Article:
14 Top-Down versus Bottom-Up  A top-down design proceeds from an abstract, high-level specification to a more and more detailed design by decomposition and successive refinement  A bottom-up design starts with detailed primitive blocks and combines them into larger and more complex functional blocks  Design usually proceeds top-down to known building blocks ranging from complete CPUs to primitive logic gates or electronic components.  Much of the material in this chapter is devoted to learning about combinational blocks used in top-down design.

15 Technology Mapping  Mapping Procedures To NAND gates To NOR gates Mapping to multiple types of logic blocks in covered in the reading supplement: Advanced Technology Mapping.

16 Mapping to NAND gates  Assumptions: Gate loading and delay are ignored Cell library contains an inverter and n-input NAND gates, n = 2, 3, … An AND, OR, inverter schematic for the circuit is available  The mapping is accomplished by: Replacing AND and OR symbols, Pushing inverters through circuit fan-out points, and Canceling inverter pairs

17 NAND Mapping Algorithm 1.Replace ANDs and ORs: 2.Repeat the following pair of actions until there is at most one inverter between : a.A circuit input or driving NAND gate output, and b.The attached NAND gate inputs.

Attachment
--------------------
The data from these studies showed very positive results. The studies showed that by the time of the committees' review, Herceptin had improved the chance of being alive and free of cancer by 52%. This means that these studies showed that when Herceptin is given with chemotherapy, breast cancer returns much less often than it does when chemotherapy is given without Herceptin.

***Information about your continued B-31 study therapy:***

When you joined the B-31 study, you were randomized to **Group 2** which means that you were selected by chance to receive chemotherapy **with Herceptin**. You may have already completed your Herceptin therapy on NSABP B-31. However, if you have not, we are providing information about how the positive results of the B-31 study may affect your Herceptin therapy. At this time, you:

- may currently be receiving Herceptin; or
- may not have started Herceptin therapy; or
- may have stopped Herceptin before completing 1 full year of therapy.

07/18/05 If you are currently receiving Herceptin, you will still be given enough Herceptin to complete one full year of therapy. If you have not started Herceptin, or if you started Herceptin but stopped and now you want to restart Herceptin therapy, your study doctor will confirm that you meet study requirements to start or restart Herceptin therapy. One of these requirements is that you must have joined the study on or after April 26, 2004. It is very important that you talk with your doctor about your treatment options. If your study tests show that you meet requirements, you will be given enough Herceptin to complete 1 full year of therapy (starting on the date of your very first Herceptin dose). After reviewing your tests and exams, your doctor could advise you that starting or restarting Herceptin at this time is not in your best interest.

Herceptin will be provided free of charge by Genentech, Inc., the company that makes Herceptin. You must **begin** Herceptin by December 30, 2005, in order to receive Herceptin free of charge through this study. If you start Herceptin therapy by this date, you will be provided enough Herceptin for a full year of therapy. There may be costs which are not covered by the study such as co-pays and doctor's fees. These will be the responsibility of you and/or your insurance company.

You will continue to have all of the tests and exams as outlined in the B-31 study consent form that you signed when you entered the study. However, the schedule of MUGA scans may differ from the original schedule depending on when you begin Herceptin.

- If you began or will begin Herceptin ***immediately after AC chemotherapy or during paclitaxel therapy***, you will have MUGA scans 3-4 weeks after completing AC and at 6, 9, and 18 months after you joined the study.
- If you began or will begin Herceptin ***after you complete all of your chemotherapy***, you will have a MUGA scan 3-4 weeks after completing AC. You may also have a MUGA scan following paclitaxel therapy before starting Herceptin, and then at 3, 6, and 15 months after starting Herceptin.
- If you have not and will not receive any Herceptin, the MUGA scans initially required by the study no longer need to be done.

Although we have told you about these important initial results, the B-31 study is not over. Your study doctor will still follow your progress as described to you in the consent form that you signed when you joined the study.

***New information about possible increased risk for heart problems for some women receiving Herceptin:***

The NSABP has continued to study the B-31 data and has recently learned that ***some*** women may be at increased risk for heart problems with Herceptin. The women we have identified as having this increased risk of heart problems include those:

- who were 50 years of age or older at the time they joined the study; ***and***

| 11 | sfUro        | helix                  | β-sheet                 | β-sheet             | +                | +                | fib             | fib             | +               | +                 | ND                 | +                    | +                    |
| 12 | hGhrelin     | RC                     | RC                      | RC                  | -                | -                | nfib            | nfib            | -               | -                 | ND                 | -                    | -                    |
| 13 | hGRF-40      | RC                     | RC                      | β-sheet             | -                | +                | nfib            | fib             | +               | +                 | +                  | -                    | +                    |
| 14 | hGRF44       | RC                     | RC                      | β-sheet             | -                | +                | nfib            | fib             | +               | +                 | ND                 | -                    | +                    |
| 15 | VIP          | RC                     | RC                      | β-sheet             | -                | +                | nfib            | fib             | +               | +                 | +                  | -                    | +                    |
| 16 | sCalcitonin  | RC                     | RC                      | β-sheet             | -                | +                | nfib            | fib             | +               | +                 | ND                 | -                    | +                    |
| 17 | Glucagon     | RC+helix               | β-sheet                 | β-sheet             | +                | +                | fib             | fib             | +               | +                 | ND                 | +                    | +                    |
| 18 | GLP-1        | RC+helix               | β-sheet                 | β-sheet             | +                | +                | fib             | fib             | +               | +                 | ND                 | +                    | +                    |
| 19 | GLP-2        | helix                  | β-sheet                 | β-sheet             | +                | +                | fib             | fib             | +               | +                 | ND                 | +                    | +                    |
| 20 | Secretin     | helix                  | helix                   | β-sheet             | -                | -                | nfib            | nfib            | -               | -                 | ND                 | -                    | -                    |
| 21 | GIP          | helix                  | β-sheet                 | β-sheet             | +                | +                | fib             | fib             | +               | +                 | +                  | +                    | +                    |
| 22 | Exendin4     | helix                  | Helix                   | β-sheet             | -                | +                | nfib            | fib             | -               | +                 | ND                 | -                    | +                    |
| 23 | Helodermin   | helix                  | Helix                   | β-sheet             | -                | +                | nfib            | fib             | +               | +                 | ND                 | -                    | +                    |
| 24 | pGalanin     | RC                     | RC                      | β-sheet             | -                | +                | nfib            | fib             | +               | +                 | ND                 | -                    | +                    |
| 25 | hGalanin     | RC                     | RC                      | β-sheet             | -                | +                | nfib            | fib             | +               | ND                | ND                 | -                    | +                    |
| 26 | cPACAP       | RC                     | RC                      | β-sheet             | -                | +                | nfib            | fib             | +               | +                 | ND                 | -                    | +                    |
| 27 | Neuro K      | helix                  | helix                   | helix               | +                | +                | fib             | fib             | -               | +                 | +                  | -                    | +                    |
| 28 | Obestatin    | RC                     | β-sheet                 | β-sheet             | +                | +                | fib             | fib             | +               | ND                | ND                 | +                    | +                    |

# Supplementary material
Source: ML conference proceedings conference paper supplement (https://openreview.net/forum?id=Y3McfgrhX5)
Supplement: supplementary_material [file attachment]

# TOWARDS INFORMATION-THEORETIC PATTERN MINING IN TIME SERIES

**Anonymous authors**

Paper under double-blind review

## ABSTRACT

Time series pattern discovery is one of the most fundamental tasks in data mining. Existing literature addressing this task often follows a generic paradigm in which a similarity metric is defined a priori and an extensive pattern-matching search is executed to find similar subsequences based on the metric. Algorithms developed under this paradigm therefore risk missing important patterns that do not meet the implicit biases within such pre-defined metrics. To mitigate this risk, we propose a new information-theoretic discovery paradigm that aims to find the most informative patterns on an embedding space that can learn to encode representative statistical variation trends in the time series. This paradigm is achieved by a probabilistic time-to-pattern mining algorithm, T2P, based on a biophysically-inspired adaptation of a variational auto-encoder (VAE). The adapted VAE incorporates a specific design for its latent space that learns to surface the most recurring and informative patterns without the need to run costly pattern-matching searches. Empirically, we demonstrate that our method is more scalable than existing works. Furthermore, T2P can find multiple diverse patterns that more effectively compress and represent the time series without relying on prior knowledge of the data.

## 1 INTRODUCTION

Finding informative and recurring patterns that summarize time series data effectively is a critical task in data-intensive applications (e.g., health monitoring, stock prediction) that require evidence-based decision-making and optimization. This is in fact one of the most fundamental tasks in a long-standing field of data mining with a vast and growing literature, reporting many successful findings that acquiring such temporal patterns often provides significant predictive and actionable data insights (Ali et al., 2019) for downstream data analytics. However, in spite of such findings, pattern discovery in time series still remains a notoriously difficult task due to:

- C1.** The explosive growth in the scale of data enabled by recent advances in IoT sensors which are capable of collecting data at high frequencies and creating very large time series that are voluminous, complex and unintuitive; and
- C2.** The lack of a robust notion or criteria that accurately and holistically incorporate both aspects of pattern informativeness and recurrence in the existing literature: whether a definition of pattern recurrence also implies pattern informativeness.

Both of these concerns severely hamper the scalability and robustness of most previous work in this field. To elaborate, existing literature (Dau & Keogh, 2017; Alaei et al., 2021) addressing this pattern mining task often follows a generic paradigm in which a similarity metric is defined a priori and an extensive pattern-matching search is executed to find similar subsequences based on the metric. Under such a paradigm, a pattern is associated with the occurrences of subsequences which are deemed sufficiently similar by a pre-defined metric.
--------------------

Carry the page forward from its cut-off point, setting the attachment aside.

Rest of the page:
18 NAND Mapping Example

19 Mapping to NOR gates  Assumptions: Gate loading and delay are ignored Cell library contains an inverter and n-input NOR gates, n = 2, 3, … An AND, OR, inverter schematic for the circuit is available  The mapping is accomplished by: Replacing AND and OR symbols, Pushing inverters through circuit fan-out points, and Canceling inverter pairs

20 NOR Mapping Algorithm 1.Replace ANDs and ORs: 2.Repeat the following pair of actions until there is at most one inverter between : a.A circuit input or driving NAND gate output, and b.The attached NAND gate inputs.

21 NOR Mapping Example A B C D E F (c) F A B X C D E (b) A B C D E F (a) 2 3 1

22  Verification - show that the final circuit designed implements the original specification  Simple specifications are: truth tables Boolean equations HDL code  If the above result from formulation and are not the original specification, it is critical that the formulation process be flawless for the verification to be valid! Verification